Time to Set a SMART Goal

As we approach the end of yet another year, it's time to get prepared for the next one.  One thing most safety-conscious companies do is set employee health and safety goals.  By doing so, companies are forced to review their current situation and increase awareness. Just doing this can greatly improve the possibility of reducing the frequency and severity of injuries. 

How you set your goals can vary by the number of people involved in the process.  While it can be cumbersome to include everyone, the truth is you have a better chance of succeeding if everyone is pulling on the rope.  The more owners, managers and especially front-line supervisors participating in any goal-setting process, the better the buy-in and the better chance you’ll succeed as an organization.  Let's face it, if owners, managers and front-line supervisors aren’t buying in, you are not going to meet the goal.

Some companies are small enough so that the decision-makers can knock out a set of goals in about an hour.  Larger businesses may need to get more creative and/or invest more time.  In either case, there are some basic things you should consider about setting a goal. We call them SMART goals.  Here is what comprises such a goal:

SMART Goal:
    Specific
    Measurable/Verifiable
    Agreed Upon
    Realistic
    Time-Framed

This approach is not new. MEMIC has been using SMART Goals for many years in our Leadership Training classes.  By touching on all five of these items you will be improving on the accuracy and overall ability to hit your target.  Incidentally, this same process can be used in the areas of productivity and quality as well. And with 2009 fast approaching, now is the time to set your goals.

Make sure you communicate the goals to everyone in the organization- not just at the beginning of the year, but repeatedly throughout the year.


An Educational Opportunity Worth Considering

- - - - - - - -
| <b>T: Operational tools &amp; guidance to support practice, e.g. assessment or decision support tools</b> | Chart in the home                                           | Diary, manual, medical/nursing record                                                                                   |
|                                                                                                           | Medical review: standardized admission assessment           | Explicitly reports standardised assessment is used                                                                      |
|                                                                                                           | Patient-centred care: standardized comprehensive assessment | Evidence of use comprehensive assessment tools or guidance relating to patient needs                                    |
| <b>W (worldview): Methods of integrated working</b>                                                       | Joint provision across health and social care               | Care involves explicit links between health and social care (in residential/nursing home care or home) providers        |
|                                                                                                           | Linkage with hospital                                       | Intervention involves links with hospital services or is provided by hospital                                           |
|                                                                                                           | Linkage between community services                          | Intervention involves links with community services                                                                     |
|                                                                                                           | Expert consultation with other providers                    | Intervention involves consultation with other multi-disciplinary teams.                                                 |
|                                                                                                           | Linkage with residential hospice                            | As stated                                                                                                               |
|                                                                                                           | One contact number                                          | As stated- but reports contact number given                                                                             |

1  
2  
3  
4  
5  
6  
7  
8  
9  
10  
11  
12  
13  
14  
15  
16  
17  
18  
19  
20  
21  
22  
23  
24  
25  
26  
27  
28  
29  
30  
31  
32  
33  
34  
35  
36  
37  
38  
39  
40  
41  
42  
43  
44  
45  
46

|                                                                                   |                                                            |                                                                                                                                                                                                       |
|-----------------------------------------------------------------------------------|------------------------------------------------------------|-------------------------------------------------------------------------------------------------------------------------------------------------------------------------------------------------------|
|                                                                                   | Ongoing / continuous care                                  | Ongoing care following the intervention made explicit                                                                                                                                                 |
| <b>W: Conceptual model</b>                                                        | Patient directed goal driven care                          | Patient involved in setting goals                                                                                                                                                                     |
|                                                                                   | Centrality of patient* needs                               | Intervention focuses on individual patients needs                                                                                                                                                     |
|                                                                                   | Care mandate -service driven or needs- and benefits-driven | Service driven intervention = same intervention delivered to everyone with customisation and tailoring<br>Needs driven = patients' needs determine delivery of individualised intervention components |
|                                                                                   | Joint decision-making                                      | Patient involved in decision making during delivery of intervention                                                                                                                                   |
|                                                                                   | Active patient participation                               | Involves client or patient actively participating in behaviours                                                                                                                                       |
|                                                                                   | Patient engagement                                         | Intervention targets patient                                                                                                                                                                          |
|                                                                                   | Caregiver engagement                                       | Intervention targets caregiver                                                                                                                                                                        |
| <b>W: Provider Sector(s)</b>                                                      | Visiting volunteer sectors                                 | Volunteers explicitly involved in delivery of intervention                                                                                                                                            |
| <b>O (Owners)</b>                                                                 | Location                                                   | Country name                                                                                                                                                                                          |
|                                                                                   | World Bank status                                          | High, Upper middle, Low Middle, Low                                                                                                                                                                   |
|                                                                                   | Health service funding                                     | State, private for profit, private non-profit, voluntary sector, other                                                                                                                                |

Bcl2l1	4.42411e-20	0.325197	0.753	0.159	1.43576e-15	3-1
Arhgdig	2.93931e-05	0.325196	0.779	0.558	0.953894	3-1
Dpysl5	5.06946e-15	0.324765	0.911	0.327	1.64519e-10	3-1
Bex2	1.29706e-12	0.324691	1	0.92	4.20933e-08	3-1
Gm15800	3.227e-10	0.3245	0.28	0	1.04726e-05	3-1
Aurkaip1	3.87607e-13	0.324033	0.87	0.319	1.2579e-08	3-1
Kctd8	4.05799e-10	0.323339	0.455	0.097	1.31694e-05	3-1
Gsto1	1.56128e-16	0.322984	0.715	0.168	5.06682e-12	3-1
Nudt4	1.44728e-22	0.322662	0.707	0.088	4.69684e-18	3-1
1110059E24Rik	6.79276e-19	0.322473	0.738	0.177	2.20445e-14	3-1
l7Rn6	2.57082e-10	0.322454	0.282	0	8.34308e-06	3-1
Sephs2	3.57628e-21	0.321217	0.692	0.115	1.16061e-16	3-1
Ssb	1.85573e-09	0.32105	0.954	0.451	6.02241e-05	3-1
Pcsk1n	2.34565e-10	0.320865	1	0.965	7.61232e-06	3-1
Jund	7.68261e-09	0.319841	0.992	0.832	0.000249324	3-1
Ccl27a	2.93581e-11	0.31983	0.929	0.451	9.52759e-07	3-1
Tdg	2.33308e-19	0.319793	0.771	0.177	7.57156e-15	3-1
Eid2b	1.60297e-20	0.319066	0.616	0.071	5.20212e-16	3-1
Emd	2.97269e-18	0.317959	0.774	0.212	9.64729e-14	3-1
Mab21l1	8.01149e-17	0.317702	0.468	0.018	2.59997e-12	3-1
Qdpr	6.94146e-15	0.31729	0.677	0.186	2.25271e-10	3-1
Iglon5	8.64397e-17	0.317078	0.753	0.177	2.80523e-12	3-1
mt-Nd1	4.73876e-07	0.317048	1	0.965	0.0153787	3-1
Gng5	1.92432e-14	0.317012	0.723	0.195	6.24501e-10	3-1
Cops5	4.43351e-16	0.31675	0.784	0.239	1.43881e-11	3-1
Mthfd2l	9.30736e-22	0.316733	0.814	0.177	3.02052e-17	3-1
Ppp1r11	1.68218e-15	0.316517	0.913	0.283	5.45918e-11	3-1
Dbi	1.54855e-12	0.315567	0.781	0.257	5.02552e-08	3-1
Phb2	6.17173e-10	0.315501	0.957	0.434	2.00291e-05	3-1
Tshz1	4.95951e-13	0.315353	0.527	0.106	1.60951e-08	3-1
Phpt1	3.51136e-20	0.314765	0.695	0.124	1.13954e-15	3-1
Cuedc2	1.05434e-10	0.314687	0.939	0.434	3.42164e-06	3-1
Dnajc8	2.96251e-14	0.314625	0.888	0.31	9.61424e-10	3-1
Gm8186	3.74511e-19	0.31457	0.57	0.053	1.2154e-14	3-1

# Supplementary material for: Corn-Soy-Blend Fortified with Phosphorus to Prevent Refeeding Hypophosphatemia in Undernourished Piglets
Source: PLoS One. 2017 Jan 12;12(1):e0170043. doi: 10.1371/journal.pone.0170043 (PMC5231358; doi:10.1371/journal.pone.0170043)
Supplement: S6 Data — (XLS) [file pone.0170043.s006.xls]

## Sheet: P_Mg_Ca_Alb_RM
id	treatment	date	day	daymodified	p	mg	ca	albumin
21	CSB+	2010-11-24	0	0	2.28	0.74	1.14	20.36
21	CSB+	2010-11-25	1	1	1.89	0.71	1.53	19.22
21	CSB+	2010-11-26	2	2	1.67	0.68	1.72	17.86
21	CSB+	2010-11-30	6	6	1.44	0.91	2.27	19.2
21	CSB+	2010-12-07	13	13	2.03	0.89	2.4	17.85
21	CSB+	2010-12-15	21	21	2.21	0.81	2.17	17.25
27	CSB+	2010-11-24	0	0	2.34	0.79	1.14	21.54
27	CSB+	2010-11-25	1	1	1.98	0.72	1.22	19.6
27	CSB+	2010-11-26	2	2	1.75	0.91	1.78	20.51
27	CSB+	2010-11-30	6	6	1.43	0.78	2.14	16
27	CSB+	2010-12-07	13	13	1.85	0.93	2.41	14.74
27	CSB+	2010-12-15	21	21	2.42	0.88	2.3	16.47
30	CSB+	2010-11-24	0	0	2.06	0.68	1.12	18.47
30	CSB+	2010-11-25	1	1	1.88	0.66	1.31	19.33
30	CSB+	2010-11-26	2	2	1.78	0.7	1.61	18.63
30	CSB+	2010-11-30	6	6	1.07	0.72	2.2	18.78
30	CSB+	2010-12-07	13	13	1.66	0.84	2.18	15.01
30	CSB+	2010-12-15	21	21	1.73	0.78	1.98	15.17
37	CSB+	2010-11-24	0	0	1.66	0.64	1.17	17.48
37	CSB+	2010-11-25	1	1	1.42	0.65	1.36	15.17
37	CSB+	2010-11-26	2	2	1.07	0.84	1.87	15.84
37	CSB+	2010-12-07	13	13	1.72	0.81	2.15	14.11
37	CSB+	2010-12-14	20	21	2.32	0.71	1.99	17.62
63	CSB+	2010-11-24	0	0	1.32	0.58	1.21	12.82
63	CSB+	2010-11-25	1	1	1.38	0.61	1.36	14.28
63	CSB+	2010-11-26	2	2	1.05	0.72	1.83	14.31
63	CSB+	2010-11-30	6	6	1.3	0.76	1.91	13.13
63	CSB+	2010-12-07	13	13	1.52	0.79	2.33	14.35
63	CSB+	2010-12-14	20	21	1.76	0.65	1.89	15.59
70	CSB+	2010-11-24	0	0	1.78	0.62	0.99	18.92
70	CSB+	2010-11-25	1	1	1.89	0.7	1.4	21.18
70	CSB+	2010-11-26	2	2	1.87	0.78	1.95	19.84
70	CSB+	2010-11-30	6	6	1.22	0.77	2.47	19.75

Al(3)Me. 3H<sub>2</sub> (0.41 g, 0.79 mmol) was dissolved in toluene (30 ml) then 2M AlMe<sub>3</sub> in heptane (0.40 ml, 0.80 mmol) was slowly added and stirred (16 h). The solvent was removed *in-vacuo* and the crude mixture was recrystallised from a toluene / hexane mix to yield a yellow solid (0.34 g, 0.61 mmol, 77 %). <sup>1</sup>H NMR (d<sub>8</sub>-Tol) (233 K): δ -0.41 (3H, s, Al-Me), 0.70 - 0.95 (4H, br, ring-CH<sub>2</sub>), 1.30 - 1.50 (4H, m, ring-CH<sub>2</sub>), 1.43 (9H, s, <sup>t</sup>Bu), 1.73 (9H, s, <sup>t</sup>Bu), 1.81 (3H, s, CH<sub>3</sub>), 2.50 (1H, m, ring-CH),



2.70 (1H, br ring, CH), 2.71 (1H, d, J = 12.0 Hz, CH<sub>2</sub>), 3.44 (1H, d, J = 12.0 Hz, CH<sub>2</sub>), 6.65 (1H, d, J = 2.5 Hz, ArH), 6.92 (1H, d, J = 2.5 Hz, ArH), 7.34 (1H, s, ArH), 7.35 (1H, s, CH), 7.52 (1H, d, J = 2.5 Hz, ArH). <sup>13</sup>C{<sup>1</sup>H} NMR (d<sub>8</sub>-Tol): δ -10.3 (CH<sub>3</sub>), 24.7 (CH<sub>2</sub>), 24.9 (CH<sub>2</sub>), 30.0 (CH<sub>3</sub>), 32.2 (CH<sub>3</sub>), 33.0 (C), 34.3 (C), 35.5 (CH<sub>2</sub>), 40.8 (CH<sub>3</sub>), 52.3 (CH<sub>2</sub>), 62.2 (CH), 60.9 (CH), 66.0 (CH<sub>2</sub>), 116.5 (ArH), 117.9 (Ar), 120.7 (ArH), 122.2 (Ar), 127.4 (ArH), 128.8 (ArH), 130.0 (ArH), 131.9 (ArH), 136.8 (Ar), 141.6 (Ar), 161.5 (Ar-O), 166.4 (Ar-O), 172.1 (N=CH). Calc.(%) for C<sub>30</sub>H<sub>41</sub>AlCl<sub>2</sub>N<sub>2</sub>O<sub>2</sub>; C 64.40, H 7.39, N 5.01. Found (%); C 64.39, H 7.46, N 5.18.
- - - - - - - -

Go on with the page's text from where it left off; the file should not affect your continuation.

Anyone who's been a safety professional for a few years is eventually going to be asked by someone on the floor or job site “how did you get into this safety business anyway?” 

When I was first asked this very question some 20 plus years ago I answered honestly that I thought it was a worthwhile job to have.  When they asked “what training did you have to take," the answer was none. 

I, like the many safety professionals I've had the pleasure to work with over the years, started the same way. You had to be able to do two things: number one, know the OSHA standards for your particular industry and, number two, be able to deal with people.  Dealing with people has not changed. The educational requirements have.

Earning a certificate or degree no matter what the field is an obvious advantage compared to when I first got started. When looking at employee health and safety programs, the offerings have increased over the years but they’re still somewhat limited.

That's why, if you’re from my neck of the woods, a course titled “Safety and Risk Management” offered this fall by the University of Southern Maine (USM) through their Environmental, Safety and Health degree program may be of interest to someone looking for that formal education.

This course covers risk management process for industrial and commercial safety. Visit USM’s website for information on course ESH 342.